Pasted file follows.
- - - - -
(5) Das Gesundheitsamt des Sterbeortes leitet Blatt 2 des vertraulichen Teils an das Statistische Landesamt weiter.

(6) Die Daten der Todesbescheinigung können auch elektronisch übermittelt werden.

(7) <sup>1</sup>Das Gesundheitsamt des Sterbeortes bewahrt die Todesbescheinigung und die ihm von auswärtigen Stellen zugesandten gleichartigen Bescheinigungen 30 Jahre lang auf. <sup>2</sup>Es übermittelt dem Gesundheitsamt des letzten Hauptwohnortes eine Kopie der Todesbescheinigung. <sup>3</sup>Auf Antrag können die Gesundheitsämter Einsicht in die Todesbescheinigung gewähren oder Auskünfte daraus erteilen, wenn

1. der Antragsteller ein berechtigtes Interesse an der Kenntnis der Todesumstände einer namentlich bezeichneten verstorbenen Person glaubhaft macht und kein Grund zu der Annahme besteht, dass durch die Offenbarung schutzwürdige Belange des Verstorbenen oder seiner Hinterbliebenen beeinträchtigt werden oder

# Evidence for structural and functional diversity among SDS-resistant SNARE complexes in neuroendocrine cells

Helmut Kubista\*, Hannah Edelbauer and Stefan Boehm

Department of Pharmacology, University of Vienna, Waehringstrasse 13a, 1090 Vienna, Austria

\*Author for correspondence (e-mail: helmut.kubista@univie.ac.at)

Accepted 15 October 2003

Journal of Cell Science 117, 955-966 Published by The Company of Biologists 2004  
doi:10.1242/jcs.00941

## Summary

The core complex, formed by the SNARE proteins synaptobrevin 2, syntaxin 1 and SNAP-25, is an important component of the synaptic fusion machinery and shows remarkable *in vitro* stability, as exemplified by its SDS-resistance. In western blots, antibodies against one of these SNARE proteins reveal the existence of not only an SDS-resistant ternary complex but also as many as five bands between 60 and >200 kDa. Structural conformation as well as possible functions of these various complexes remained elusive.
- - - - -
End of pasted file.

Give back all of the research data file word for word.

(5) Das Gesundheitsamt des Sterbeortes leitet Blatt 2 des vertraulichen Teils an das Statistische Landesamt weiter.

(6) Die Daten der Todesbescheinigung können auch elektronisch übermittelt werden.

(7) <sup>1</sup>Das Gesundheitsamt des Sterbeortes bewahrt die Todesbescheinigung und die ihm von auswärtigen Stellen zugesandten gleichartigen Bescheinigungen 30 Jahre lang auf. <sup>2</sup>Es übermittelt dem Gesundheitsamt des letzten Hauptwohnortes eine Kopie der Todesbescheinigung. <sup>3</sup>Auf Antrag können die Gesundheitsämter Einsicht in die Todesbescheinigung gewähren oder Auskünfte daraus erteilen, wenn

1. der Antragsteller ein berechtigtes Interesse an der Kenntnis der Todesumstände einer namentlich bezeichneten verstorbenen Person glaubhaft macht und kein Grund zu der Annahme besteht, dass durch die Offenbarung schutzwürdige Belange des Verstorbenen oder seiner Hinterbliebenen beeinträchtigt werden oder

# Evidence for structural and functional diversity among SDS-resistant SNARE complexes in neuroendocrine cells

Helmut Kubista\*, Hannah Edelbauer and Stefan Boehm

Department of Pharmacology, University of Vienna, Waehringstrasse 13a, 1090 Vienna, Austria

\*Author for correspondence (e-mail: helmut.kubista@univie.ac.at)

Accepted 15 October 2003

Journal of Cell Science 117, 955-966 Published by The Company of Biologists 2004  
doi:10.1242/jcs.00941

## Summary

The core complex, formed by the SNARE proteins synaptobrevin 2, syntaxin 1 and SNAP-25, is an important component of the synaptic fusion machinery and shows remarkable *in vitro* stability, as exemplified by its SDS-resistance. In western blots, antibodies against one of these SNARE proteins reveal the existence of not only an SDS-resistant ternary complex but also as many as five bands between 60 and >200 kDa. Structural conformation as well as possible functions of these various complexes remained elusive.